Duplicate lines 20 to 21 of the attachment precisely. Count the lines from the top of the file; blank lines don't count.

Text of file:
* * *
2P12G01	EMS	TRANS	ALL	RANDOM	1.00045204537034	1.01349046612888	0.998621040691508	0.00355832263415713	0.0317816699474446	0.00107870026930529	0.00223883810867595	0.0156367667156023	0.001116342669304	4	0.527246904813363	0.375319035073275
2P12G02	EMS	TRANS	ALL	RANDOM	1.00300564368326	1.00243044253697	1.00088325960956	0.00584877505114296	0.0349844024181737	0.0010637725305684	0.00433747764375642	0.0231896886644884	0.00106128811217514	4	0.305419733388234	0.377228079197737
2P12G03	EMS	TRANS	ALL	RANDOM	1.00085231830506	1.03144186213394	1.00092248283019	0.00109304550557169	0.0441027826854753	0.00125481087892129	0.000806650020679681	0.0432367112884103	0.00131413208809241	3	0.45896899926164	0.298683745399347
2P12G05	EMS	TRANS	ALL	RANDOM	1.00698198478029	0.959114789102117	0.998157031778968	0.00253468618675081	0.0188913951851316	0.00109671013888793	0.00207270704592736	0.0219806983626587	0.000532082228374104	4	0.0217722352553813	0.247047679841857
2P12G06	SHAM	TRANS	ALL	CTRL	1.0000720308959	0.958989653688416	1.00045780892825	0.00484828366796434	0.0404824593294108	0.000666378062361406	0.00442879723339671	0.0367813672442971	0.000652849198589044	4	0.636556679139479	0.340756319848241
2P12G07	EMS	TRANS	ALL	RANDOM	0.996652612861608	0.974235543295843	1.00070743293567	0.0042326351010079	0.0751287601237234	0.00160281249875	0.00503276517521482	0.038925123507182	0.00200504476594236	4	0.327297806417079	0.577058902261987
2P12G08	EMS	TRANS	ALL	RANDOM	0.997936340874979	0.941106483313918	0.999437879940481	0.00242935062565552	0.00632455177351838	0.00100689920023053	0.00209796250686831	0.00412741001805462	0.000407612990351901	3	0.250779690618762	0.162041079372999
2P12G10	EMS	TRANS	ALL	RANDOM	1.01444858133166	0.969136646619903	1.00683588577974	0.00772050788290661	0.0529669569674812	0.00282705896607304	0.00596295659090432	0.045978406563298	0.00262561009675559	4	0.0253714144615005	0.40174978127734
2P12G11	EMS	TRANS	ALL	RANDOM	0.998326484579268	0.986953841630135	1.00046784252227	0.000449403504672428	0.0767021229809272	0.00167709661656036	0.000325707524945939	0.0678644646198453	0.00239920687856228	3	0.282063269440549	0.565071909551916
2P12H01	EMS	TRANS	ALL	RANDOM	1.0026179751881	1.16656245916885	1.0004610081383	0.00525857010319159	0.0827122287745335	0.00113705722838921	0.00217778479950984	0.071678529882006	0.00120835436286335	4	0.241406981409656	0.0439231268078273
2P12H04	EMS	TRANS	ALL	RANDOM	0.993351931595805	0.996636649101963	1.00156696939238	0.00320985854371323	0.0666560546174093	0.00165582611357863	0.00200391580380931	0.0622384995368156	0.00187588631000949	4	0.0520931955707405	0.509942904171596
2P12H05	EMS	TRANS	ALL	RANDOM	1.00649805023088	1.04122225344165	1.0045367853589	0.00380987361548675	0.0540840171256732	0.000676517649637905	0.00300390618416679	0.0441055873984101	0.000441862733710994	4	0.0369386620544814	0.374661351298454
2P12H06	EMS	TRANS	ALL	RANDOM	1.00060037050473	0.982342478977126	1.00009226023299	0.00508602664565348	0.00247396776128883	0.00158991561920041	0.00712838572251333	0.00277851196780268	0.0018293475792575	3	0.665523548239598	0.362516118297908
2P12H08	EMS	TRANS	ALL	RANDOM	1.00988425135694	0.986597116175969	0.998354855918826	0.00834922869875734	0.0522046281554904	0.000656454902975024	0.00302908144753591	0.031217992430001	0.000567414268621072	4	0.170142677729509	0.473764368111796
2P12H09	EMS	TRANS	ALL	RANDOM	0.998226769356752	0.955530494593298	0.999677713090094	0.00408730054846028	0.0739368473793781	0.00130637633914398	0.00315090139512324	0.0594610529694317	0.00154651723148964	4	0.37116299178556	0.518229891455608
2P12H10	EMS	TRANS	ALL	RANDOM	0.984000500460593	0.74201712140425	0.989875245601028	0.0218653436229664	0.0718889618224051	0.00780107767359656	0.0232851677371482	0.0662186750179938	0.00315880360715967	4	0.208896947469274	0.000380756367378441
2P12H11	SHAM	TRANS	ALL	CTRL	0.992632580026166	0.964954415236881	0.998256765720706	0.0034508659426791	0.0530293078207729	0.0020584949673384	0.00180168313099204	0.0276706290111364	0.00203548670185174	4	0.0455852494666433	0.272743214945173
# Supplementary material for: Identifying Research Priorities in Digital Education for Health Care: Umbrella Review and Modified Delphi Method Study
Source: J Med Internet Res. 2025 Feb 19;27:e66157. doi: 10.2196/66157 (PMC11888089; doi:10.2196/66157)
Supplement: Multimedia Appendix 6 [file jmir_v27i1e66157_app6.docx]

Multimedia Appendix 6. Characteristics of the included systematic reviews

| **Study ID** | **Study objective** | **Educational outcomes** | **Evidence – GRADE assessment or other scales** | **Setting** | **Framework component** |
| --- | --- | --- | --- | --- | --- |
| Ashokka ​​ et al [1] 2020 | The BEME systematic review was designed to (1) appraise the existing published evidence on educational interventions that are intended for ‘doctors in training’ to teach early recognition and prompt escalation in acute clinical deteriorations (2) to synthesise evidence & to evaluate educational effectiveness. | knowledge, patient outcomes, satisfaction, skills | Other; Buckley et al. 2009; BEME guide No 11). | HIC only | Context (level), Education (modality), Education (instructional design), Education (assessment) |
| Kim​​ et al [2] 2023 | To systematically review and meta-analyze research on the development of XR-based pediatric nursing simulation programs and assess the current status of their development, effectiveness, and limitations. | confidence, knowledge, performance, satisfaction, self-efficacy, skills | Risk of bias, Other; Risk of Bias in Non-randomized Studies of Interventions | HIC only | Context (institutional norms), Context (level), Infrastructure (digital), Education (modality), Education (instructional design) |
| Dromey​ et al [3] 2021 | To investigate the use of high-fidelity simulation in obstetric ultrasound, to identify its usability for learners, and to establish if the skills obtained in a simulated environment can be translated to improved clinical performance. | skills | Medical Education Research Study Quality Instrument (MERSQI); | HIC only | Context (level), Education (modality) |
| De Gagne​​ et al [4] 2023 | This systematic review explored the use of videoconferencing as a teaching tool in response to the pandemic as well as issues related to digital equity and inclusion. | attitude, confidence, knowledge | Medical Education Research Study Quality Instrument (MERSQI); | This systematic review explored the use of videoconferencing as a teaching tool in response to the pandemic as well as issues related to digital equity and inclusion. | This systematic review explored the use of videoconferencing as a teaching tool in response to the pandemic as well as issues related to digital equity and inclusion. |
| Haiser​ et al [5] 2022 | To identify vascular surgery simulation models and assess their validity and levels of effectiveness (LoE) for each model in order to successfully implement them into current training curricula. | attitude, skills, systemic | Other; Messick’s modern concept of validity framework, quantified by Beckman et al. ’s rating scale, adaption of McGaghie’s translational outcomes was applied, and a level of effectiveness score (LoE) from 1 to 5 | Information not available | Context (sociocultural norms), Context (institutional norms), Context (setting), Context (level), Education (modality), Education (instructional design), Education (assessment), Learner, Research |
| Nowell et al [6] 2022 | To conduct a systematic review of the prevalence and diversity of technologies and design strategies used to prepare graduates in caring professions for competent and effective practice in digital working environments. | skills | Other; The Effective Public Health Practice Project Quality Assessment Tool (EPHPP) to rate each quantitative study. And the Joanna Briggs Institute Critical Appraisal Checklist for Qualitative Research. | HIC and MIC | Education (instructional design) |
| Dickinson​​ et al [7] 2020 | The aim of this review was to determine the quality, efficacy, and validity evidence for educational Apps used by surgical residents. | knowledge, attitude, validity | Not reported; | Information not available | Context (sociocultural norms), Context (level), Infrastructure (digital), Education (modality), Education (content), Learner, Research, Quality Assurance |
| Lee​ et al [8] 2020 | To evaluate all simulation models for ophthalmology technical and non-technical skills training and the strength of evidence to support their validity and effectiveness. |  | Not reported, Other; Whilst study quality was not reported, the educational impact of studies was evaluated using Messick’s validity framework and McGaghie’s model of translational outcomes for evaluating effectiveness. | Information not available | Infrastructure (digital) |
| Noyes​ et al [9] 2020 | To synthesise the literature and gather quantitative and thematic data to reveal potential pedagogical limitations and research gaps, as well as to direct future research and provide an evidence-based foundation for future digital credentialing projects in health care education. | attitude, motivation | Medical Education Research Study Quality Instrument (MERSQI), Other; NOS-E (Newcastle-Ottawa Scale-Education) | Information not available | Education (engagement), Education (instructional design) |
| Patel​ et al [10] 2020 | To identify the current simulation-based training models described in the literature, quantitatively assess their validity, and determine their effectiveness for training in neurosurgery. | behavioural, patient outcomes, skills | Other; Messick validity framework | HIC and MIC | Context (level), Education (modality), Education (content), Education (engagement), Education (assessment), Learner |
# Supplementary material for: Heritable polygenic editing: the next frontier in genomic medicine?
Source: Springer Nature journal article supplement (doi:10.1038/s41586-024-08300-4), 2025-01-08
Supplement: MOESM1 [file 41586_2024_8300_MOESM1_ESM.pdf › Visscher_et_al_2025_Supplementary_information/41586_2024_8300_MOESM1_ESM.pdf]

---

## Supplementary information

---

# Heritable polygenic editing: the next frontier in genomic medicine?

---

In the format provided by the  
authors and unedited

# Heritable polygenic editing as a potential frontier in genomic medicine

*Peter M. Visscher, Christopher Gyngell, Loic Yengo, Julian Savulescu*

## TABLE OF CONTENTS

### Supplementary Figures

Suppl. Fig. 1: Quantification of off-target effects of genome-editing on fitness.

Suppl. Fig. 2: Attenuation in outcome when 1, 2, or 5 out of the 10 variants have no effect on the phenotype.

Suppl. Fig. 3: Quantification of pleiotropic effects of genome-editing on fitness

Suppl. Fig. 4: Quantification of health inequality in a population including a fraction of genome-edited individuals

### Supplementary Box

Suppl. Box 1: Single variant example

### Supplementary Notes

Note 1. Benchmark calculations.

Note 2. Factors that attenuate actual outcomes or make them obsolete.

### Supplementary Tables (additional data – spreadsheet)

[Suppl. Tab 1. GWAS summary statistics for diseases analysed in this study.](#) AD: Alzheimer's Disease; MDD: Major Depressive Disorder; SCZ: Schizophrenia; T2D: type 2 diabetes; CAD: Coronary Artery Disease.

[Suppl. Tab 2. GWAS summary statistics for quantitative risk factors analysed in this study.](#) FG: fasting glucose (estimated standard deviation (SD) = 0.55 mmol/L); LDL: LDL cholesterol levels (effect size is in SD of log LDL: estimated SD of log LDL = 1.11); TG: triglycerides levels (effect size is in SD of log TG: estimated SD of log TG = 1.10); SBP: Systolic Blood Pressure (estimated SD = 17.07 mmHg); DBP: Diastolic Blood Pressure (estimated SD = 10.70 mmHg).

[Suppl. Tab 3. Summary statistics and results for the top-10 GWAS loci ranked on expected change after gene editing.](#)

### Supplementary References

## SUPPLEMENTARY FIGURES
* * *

Supplement: Multimedia Appendix 6 [file jmir_v27i1e66157_app6.docx]

Multimedia Appendix 6. Characteristics of the included systematic reviews